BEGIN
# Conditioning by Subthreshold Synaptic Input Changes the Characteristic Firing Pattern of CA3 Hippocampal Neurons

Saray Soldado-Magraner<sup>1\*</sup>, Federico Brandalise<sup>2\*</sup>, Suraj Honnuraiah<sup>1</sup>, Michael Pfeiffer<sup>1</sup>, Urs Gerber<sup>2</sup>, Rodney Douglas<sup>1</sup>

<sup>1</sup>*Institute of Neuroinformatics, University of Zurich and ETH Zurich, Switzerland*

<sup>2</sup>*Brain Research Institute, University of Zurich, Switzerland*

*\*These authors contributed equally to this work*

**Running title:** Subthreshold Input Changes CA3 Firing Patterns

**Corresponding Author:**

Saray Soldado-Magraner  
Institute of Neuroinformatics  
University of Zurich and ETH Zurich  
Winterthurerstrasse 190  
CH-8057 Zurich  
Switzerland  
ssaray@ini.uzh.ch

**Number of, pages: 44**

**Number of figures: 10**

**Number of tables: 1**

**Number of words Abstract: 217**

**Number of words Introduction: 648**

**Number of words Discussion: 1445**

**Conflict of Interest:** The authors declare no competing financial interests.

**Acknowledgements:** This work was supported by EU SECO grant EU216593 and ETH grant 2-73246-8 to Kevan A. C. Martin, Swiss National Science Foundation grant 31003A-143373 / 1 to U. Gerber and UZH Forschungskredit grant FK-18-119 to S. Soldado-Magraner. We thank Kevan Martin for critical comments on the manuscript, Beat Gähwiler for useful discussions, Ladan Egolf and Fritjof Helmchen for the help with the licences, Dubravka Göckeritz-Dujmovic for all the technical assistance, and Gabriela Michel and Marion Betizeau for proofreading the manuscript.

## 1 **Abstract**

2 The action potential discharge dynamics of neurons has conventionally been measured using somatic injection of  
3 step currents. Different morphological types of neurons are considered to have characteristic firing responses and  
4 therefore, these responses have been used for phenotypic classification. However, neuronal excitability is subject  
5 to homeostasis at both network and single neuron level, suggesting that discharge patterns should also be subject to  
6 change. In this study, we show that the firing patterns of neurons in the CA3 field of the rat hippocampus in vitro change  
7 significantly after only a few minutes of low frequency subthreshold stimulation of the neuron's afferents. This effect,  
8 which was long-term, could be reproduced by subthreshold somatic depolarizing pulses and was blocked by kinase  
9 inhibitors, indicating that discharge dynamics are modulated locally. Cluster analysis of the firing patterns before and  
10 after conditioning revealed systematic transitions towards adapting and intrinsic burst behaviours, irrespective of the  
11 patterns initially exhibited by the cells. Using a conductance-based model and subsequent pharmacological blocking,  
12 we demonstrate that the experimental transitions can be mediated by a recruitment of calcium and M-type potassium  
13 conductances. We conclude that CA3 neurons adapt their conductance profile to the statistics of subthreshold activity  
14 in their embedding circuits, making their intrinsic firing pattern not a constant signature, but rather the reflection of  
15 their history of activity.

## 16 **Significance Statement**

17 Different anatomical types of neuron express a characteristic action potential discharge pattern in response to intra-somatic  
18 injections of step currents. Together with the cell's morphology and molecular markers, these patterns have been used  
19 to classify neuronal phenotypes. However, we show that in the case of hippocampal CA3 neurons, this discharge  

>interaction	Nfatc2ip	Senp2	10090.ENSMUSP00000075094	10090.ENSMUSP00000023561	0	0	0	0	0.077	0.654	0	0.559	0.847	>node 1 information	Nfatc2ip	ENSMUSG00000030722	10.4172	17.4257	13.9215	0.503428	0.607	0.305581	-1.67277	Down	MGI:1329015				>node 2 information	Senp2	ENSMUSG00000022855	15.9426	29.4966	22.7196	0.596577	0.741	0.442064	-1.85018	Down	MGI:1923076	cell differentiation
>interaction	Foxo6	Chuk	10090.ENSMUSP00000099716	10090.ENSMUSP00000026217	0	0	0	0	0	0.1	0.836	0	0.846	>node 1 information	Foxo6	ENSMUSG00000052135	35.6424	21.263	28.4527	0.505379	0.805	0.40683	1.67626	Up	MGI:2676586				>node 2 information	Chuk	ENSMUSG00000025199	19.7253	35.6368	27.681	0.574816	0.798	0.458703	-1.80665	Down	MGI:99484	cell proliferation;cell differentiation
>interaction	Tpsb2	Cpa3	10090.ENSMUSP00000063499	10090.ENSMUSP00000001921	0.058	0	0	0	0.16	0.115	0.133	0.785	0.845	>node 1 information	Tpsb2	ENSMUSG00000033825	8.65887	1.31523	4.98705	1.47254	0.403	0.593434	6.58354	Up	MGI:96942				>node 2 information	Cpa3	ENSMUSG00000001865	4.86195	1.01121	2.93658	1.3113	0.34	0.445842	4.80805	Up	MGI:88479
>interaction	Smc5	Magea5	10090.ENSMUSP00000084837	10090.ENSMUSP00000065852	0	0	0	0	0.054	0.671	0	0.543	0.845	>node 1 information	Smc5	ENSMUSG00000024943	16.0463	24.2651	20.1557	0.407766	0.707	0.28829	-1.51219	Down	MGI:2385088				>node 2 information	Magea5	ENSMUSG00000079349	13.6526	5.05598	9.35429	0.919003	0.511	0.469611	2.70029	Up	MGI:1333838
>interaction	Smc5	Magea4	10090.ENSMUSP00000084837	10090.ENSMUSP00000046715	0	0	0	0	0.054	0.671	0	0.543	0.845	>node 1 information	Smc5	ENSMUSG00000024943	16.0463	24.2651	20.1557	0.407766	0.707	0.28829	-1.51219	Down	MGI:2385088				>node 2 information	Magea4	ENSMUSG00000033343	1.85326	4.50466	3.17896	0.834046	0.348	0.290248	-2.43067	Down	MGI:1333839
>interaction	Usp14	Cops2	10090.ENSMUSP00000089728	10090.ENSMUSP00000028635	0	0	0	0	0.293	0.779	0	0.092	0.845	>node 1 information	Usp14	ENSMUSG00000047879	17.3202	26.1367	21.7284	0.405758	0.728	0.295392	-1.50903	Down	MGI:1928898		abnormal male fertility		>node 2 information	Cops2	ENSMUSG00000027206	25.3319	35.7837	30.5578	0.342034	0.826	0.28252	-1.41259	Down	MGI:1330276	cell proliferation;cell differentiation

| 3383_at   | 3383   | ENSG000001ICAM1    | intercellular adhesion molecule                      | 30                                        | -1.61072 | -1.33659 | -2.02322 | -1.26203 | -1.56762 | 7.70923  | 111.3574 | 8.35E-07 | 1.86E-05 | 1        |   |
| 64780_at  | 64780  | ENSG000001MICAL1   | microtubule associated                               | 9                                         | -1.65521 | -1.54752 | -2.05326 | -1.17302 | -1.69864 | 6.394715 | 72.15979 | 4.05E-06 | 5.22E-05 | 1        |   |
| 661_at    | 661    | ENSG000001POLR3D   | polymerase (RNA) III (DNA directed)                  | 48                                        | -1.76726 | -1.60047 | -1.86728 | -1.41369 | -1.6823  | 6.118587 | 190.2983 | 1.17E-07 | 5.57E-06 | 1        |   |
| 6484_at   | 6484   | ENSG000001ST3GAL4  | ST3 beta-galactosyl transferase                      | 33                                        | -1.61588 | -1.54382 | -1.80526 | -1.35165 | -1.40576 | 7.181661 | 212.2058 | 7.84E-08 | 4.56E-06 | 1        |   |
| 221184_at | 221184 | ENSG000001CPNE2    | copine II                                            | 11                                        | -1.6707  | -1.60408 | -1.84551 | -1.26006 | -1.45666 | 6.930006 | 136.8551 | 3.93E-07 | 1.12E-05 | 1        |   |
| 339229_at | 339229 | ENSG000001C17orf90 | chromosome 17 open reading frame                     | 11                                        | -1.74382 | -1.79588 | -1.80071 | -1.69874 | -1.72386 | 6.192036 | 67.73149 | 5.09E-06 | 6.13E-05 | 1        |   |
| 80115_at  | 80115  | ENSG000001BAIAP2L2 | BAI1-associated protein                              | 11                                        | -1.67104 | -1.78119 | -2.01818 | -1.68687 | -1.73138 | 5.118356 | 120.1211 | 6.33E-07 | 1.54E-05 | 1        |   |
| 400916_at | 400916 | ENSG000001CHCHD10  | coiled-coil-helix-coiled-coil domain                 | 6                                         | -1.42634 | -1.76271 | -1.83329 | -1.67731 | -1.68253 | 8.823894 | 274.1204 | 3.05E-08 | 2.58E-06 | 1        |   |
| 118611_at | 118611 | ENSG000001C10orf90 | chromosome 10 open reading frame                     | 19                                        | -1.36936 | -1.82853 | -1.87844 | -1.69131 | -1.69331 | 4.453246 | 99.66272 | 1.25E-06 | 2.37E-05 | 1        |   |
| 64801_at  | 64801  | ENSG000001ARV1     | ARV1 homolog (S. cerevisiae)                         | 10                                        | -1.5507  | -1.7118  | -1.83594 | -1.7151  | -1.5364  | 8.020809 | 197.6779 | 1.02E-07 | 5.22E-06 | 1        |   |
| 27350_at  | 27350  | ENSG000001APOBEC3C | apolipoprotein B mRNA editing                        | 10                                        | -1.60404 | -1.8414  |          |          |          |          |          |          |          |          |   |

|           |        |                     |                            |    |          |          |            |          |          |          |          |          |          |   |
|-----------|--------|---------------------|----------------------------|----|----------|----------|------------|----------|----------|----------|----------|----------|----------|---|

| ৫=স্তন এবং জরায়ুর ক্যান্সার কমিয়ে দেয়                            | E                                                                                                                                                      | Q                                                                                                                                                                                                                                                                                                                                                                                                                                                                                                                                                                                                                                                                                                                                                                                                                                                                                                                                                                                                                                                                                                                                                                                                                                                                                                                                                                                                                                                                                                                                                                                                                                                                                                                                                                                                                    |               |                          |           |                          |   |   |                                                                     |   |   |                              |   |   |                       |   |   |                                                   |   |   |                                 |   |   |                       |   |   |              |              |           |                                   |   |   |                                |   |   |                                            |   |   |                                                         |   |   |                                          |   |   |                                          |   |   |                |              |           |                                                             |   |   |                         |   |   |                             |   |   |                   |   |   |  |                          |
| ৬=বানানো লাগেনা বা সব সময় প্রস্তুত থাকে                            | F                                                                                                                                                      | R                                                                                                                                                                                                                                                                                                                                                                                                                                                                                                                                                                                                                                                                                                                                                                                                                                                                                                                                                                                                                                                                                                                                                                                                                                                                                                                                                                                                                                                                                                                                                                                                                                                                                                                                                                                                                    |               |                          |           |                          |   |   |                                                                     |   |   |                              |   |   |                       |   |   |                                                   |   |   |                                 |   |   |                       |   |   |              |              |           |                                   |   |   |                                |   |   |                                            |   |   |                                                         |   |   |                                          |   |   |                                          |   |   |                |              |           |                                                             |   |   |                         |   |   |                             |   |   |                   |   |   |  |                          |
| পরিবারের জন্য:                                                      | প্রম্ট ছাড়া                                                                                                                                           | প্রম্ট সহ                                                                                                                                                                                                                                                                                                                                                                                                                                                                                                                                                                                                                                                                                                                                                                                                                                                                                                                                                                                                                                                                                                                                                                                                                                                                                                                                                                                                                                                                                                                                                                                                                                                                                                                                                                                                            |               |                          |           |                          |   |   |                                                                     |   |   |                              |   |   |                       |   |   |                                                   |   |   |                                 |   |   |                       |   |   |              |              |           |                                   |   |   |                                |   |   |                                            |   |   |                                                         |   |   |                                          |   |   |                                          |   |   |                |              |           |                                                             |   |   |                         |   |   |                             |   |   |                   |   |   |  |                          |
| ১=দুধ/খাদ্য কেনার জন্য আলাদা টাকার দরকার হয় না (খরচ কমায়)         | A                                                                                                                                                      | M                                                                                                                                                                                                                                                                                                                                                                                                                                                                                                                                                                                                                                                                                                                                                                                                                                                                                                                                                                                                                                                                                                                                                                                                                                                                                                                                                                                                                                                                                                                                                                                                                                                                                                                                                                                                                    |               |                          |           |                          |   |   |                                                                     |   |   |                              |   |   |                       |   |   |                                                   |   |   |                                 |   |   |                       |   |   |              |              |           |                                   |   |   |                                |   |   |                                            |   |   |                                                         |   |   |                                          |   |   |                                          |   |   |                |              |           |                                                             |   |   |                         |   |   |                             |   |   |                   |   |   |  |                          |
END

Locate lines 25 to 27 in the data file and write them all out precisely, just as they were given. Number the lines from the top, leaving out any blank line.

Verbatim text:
3 step currents. Different morphological types of neurons are considered to have characteristic firing responses and  
4 therefore, these responses have been used for phenotypic classification. However, neuronal excitability is subject  
5 to homeostasis at both network and single neuron level, suggesting that discharge patterns should also be subject to  